Become a fan of Slashdot on Facebook


Forgot your password?
DEAL: For $25 - Add A Second Phone Number To Your Smartphone for life! Use promo code SLASHDOT25. Also, Slashdot's Facebook page has a chat bot now. Message it for stories and more. Check out the new SourceForge HTML5 Internet speed test! ×

Comment Here's a few books that I would strongly recommend (Score 1) 291

I've read a lot of database books in my time, and been around some of the biggest rdbms instances on the net. Here's probably my top three:

1) If you don't know SQL, O'Reilly's _Learning SQL_ is the best intro I've seen. This doesn't sound like what you're looking for, though.

2) If you know SQL reasonably well, but you want to get much better, I can't recommend O'Reilly's Theory In Practice book _The Art of SQL_ highly enough. I don't have it in front of me to remember precisely why I liked it so much, but it's outstanding. If you're going to get one book, get this one.

3) To really get the theory of databases, one of CJ Date's books is good. Someone else recommended _Databases in Depth: Relational Theory for Practitioners_, and I recall that looking pretty good when I skimmed it once. I would also recommend _Foundation for Object / Relational Databases: The Third Manifesto_, which I found to be very educational. You need to be careful with Date, though, because he tends to advocate how things "should work", not how databases actually work, and so you may find him advising you to do things that are actually bad ideas on your database of choice, so balance this off against good books for your specific DB


4) If you need to build large data warehouses (doesn't sound like you, yet), then Ralph Kimball's _The Data Warehouse Toolkit_ is all you will need to understand the theory. Unfortunately, effective warehousing is especially tied to your database of choice, so you'll want to hit the product manuals even harder here.

5) If you need to do OLAP (also not likely), there's only one generic book that's particularly good at all for the concepts, _OLAP Solutions_ by Erik Thomsen, and even that is not that generic. Unfortunately most OLAP and BI stuff is highly vendor-specific.

Joe Celko's books are also pretty good, in my experience, but I wouldn't buy them before the above.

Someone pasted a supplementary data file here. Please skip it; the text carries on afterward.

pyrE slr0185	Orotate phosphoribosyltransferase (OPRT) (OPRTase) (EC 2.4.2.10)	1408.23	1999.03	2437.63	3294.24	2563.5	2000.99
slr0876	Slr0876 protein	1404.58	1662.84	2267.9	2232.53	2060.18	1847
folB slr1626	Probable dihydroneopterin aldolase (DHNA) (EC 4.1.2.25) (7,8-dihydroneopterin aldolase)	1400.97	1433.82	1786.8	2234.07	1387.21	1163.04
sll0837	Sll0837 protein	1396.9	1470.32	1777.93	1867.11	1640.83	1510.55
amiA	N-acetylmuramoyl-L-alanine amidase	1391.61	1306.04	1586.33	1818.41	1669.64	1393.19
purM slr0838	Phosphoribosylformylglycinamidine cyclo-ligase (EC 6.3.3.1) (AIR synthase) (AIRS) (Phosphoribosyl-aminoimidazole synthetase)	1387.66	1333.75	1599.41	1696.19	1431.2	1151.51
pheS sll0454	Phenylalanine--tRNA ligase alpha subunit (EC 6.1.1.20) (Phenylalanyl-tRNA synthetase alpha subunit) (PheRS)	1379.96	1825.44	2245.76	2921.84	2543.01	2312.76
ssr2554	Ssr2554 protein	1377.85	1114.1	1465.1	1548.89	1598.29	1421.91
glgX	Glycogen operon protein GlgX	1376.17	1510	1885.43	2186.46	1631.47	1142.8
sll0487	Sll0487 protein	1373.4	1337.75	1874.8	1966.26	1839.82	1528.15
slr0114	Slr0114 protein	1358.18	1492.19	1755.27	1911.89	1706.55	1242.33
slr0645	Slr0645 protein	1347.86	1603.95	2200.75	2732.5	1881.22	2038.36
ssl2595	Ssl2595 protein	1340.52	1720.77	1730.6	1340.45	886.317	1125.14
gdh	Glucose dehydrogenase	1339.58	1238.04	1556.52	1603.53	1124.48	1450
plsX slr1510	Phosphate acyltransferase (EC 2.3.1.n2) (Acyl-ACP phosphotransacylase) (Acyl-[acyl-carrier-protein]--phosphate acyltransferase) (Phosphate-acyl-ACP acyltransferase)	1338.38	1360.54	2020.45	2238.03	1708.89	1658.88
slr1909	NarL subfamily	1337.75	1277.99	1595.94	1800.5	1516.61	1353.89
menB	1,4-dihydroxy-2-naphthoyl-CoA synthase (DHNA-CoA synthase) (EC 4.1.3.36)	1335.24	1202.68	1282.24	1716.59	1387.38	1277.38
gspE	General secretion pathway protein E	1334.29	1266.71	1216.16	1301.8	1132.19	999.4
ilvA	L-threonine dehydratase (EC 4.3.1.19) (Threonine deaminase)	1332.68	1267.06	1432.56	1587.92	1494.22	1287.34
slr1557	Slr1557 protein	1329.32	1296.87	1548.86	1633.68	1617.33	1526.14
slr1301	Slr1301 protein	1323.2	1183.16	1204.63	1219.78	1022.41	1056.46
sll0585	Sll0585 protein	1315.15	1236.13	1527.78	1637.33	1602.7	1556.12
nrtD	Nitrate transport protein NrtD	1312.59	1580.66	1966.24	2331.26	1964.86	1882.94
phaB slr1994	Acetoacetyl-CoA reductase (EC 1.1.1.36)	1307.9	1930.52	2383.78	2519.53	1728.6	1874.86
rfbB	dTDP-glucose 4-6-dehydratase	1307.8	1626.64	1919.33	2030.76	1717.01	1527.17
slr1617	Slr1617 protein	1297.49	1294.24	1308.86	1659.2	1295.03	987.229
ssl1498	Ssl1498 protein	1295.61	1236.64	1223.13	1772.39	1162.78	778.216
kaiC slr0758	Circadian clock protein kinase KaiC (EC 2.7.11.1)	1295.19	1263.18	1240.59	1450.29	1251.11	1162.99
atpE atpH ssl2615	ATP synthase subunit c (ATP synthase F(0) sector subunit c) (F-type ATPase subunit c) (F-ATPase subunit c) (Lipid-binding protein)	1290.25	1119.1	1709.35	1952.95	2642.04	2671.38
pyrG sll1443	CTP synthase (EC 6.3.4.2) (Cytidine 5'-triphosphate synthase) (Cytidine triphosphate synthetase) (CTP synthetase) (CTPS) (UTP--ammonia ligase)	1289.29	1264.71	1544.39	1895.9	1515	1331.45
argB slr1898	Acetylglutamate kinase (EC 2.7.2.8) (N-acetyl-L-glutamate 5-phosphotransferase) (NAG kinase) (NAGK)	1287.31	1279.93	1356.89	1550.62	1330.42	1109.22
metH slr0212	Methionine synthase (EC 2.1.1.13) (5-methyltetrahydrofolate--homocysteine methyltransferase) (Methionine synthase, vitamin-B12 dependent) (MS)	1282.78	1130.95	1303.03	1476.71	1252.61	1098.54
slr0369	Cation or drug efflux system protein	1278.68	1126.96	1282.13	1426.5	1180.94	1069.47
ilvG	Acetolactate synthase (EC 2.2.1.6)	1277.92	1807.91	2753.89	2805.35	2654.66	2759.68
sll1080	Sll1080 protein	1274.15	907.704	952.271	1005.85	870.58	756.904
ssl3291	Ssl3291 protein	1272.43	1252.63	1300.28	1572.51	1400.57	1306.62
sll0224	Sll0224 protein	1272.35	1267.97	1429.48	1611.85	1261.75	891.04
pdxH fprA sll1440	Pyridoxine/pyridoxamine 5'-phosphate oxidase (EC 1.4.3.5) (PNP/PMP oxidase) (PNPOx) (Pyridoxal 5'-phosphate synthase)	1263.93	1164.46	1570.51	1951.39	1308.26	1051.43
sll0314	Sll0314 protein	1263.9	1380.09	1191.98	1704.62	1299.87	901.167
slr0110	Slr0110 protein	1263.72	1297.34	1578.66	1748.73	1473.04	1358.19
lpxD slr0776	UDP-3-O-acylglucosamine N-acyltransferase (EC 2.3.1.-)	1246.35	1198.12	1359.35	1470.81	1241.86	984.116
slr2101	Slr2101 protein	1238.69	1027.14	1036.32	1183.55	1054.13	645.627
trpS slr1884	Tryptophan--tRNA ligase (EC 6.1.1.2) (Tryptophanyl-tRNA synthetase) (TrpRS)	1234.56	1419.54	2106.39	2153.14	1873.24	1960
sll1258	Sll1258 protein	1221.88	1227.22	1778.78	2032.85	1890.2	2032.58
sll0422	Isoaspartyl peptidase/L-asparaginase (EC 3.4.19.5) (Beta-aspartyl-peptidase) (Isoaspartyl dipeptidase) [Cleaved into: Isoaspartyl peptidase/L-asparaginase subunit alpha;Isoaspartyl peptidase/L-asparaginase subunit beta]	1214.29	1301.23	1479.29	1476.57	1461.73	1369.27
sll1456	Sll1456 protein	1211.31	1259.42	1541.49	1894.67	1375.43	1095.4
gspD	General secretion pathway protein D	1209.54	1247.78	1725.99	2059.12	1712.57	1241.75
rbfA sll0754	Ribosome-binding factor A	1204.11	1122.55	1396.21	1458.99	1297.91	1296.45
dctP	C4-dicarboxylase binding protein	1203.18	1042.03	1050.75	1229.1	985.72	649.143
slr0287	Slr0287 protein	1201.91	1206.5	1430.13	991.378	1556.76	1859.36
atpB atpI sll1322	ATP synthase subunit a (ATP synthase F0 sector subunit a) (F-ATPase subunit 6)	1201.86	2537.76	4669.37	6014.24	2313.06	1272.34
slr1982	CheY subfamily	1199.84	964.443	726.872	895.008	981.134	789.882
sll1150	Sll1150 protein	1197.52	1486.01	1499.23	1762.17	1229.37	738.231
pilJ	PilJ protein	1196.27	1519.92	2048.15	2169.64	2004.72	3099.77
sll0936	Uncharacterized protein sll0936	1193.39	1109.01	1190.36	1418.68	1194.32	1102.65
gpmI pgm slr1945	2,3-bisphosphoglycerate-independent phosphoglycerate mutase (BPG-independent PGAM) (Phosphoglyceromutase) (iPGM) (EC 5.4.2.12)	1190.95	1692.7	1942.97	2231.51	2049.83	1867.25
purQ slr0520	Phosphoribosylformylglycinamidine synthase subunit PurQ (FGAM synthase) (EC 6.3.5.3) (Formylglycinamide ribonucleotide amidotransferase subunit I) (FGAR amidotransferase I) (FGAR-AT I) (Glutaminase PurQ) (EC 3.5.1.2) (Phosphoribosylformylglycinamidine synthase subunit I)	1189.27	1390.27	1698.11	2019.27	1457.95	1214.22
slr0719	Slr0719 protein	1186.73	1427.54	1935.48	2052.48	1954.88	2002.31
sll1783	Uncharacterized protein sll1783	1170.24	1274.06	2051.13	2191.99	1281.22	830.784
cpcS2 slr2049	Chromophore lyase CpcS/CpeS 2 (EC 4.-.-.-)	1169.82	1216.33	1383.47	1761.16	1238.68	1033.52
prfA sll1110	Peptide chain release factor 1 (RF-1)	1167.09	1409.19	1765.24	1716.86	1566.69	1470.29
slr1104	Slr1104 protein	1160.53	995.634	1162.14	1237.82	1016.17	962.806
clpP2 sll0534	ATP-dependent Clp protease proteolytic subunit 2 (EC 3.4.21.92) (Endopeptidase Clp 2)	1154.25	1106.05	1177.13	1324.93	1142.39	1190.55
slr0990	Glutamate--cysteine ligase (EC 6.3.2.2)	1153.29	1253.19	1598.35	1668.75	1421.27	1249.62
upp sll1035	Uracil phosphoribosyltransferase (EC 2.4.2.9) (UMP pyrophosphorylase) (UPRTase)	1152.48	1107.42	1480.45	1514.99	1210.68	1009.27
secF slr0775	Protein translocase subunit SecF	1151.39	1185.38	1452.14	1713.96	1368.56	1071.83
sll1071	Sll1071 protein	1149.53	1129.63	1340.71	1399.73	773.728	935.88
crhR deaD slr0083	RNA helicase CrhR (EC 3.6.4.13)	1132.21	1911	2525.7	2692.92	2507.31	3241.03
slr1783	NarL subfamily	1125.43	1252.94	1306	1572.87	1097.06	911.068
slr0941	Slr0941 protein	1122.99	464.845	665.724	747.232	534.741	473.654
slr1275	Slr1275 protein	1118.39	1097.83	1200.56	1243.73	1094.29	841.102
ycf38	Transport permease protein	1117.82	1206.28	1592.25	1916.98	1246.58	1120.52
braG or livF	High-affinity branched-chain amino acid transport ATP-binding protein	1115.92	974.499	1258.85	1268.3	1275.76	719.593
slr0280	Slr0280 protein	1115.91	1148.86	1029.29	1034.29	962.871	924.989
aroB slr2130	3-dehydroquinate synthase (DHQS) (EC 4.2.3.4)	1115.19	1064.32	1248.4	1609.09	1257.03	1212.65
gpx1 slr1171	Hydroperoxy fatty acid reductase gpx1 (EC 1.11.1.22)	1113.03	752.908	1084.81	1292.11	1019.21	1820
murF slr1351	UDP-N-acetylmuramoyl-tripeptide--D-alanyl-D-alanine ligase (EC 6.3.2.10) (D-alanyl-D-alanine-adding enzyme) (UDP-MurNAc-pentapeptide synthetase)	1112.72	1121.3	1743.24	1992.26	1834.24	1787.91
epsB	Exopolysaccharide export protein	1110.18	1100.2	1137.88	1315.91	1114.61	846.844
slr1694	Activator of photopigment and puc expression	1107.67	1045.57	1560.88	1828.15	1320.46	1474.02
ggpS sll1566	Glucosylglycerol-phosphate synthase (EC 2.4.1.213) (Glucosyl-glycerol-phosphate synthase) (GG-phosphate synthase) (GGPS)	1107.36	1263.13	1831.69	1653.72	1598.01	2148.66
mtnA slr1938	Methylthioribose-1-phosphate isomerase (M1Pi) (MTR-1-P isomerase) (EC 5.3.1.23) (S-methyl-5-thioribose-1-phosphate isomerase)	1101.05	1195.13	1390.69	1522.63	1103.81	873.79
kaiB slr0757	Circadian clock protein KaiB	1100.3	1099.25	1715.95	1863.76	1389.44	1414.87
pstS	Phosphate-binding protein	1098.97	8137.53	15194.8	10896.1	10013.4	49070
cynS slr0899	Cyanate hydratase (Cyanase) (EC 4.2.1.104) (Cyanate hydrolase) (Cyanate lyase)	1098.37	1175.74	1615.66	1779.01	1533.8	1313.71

Comment another vote for perforce, with some history (Score 3, Informative) 43

I recently had the job of evaluating what SCM system to use for our company. We were using CVS at the time.

I believe that the complaints your bosses have about logging and concurrent editing can all be fairly easily fixed in CVS.

The major gripes we had with CVS were:
. slow (see below)
. merging between branches was miserable, because the system didn't keep track of what had already been merged
. renaming files lost all the history
. windows interface was cumbersome

We actually worked with a system layered on top of CVS that allowed us to submit batches of files at once, in a single transaction. This was the major cause of slowness, and CVS didn't really support transactions, so in some sense we were just fooling ourselves. The other major cause was doing a 'cvs update' on a large tree could be slow.

Most of the problems we had could've been fixed
if we spent the time to fix it. Some (transactions, renaming) we couldn't really fix at all. But, when I looked at everything I wanted to fix in CVS, I found that I had just described Perforce's feature set, and when I looked at how they implemented things, they did it like I would've. Plus, comparing the cost of Perforce (relatively cheap) to the time it would've taken us to implement the same features ...

So, we switched to Perforce, and I've been (more or less) happy since. The branching structure is a little weird (compared to ClearCase's, which is the most intuitive I've seen), but we're learning to live with it.

At a previous company, we used ClearCase. This was also a fine product, and it does a few things that no other product does, but it's very expensive, and a major hassle to administer.
ClearCase (at least in the mode we used) implements its own filesystem, and can provide a level of security that the others just can't. But, is this worth paying 10+ times the amount for it?

I also looked at AccuRev. This was about on a par with Perforce, and had one or two features that looked really cool. But, in the end, Perforce won mostly because we went with the product that had bigger market share and more people had used it before.

VSS wasn't an option because we're a mostly linux based shop, and because I had heard many of the complaints that others are making as well.

PVCS I think is mostly an also-ran in this day and age. I think most new source-system users use one of the other previously mentioned systems.

One new open source project (Subversion) looked promising, but it was too immature for us to use.

Bitkeeper also looked interesting, but not enough so to beat out Perforce or AccuRev.

Another thing you might want to consider is how well the SCM integrates with a change mgmt system (or bug/task database). Perforce has a simplistic change database built in, but it's good enough for what we want it to do, and it can also be used with Bugzilla and a few other systems. Of course, CVS and at least ClearCase can do these as well. I've found Bugzilla somewhat cumbersome to use on limited inspection. Other freeware systems (GNATS, for example) are very weak.

Slashdot Top Deals

Honesty is for the most part less profitable than dishonesty. -- Plato